Republican Party chairman candidate Maria Cino is coming under fire for releasing a new statement over the weekend that touts her pro-life views but avoids her past connections to a pro-abortion group.
Cino previously served on the board of directors of a pro-abortion women’s group, WISH List, that funds female Republican candidates who support legalized abortions and frequently vote for taxpayer funding of abortions. The former Republican Party campaign operative and convention chair also made numerous donations to the organization over a several year period from the late 1990s through 2001.
The statement from Cino says she is a strongly pro-life Catholic and essentially tries to explain away the donations and participation in WISH List as a method of building up the GOP, despite the pro-abortion mission.
“I am a life-long Catholic who strongly believes and supports the teachings of the Church. I believe in upholding the culture of Life, and therefore I strongly oppose legal abortion,” she says. “My critics point out my contributions to a very small group of candidates and a single political action committee whose views on abortion are different from my own, but who were Republican nonetheless. I have committed my life to winning elections across the country, even in areas where the Democrats have traditionally been strong.”
Writing at National Review Online today, conservative columnist Maggie Gallagher calls the Cino explanation disingenuous.
“It’s quite possible and welcome for a pro-abortion Republican (or Democrat!) to change his or her views,” she explains. “But the information that Maria Cino, a candidate for RNC chair backed by many mainstream conservatives, is circulating about her record is misleading.”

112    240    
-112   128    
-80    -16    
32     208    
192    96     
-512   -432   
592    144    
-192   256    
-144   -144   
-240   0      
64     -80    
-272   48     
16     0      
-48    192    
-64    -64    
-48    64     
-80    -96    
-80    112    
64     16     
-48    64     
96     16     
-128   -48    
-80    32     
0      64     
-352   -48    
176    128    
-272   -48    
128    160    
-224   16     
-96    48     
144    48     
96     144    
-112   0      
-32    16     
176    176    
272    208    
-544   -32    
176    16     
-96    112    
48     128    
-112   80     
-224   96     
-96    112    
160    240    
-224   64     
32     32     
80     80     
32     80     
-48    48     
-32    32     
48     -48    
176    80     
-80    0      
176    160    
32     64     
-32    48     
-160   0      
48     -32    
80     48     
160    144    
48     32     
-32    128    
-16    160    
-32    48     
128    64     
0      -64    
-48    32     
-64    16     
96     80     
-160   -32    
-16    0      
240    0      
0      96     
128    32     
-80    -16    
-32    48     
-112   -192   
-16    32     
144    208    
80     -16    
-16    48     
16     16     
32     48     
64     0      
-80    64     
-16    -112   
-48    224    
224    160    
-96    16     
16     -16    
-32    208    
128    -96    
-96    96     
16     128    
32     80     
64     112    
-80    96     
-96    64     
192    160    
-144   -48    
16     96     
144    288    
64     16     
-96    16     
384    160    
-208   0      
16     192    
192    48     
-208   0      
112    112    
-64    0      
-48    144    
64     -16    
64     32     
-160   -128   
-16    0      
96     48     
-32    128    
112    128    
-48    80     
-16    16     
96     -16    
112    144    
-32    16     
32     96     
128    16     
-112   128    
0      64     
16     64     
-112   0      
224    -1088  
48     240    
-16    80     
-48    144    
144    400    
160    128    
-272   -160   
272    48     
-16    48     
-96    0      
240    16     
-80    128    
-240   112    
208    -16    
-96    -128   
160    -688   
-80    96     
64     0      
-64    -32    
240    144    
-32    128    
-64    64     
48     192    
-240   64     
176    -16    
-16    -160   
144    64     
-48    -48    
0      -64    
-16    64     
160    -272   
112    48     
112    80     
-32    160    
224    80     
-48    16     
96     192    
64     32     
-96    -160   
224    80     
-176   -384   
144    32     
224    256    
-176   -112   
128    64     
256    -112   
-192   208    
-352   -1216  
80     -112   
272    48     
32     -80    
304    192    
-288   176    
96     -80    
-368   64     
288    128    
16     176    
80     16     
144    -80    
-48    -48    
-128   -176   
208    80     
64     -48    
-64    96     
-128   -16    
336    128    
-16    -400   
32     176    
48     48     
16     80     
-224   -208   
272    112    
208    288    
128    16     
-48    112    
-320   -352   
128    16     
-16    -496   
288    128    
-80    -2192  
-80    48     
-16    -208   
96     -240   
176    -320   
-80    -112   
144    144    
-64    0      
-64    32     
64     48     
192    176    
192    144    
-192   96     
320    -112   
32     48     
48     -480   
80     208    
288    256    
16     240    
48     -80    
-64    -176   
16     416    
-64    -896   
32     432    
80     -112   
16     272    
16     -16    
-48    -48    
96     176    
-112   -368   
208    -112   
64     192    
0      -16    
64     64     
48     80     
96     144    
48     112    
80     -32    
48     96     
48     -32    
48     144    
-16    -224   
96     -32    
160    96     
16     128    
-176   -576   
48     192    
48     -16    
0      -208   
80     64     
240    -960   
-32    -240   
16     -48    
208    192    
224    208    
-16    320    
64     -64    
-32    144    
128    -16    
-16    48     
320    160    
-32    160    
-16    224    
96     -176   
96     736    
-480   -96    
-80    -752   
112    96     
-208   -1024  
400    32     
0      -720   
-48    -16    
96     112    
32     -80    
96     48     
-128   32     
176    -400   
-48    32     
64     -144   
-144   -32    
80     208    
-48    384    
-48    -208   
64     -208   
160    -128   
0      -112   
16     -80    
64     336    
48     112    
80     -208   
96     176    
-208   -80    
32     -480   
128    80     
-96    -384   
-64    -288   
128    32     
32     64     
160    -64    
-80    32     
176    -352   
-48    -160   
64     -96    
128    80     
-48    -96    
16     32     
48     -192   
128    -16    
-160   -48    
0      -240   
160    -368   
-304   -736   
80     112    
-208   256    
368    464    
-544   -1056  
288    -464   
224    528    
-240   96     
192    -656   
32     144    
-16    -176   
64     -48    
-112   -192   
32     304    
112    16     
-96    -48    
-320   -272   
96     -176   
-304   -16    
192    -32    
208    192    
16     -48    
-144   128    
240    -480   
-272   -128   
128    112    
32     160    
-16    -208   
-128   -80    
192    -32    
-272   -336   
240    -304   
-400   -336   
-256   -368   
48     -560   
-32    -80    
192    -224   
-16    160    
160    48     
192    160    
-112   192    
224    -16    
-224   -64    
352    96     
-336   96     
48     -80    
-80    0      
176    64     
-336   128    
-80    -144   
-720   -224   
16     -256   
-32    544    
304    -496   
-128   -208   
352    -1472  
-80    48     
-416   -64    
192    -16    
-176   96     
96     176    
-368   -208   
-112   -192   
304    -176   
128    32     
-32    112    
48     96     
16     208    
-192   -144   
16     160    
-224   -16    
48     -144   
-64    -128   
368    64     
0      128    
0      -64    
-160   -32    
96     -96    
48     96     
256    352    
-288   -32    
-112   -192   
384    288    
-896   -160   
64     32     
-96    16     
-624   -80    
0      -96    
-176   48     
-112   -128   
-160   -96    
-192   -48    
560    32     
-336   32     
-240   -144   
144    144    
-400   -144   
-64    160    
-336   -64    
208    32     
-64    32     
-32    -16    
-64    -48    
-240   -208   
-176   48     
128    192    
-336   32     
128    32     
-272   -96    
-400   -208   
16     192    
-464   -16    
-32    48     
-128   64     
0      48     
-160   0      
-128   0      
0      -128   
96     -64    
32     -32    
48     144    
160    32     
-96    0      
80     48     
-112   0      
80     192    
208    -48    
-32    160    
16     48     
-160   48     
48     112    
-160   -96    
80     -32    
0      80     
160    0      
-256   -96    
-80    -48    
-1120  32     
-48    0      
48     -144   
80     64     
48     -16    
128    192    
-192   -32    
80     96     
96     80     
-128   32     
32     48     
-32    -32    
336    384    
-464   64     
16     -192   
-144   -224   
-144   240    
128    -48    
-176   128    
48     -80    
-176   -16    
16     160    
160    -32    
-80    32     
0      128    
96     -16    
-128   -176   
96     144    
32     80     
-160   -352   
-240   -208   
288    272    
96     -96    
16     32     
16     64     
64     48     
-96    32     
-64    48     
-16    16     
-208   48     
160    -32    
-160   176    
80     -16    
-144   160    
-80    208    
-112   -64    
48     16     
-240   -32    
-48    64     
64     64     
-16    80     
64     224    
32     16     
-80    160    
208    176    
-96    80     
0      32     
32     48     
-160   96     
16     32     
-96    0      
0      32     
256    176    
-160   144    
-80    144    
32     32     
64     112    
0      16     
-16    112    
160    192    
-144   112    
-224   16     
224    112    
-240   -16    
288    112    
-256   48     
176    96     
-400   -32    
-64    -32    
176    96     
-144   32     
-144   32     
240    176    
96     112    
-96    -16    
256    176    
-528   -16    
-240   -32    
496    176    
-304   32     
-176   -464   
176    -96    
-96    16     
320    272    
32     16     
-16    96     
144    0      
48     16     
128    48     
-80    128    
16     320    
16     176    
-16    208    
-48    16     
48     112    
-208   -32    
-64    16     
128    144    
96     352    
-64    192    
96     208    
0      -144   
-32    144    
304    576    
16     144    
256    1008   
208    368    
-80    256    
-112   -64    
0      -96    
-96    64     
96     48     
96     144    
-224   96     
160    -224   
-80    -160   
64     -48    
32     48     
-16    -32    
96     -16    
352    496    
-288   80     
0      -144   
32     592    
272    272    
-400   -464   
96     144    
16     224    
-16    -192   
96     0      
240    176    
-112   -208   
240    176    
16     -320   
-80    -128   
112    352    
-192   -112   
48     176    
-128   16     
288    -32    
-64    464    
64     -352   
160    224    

“She’s claiming that she is a victim of false attacks, when in fact she has refused to acknowledge, explain, or deny the fact that she served on the board of directors for a pro-abortion GOP group (Wish List) and made personal donations to their pro-abortion PAC, as LifeNews.com reported,” Gallagher continues.
“Her response is woefully inadequate to the main charge: No one I know who is deeply and ardently pro-life would participate in a pro-abortion PAC,” she concludes. “Come clean, Maria. Trust is a precious commodity. Don’t squander it.”
Cino gave the pro-abortion organization $250 in March 2001 and made two $500 contributions in August and September of 1997 and a $250 donation in September 1998, according to FEC records.
LifeNews.com has attempted twice to contact Cino for a comment and has not received a response.
Cino is vying for the chairman’s seat currently held by pro-life former Maryland Lt. Governor Michael Steele, who has disappointed many pro-life Republicans with his curious statements appearing to say there is a “right” to abortion. She faces four candidates who have made their pro-life views known in interviews with the Susan B. Anthony List, a pro-life women’s group.
“If I was to be elected chairman of the RNC that would be something that I would have an even bigger obligation to uphold the position I have on abortion. And I think it would be a huge disappointment to God if I didn’t,” Priebus pledged. “I am a 100 percent, Psalm 139 pro-life Republican.”
According to a Politico report, former Republican Party political director Gentry Collins “used the question to pivot to his criticism of Steele, arguing that a stronger RNC will be better able to support anti-abortion candidates” while former Michigan state GOP chairman Saul Anuzis “pointed to his past support of anti-abortion groups during his time as chairman of the Michigan Republican Party.”
Anuzis said, as a Catholic, he believes human life “begins at conception and ends at natural death.”
SBA List president Marjorie Dannenfelser also asked each of the candidates if he had contributed to a “pro-choice organization.” All three said they had not.
“Never, and I never would,” Collins responded. “I am pro-life. My wife and I are devoutly Catholic.”
Former Missouri GOP Chair Ann Wagner also interviewed with SBA and said being pro-life was “part of the fabric of who I am,” adding, “It’s how I was raised.”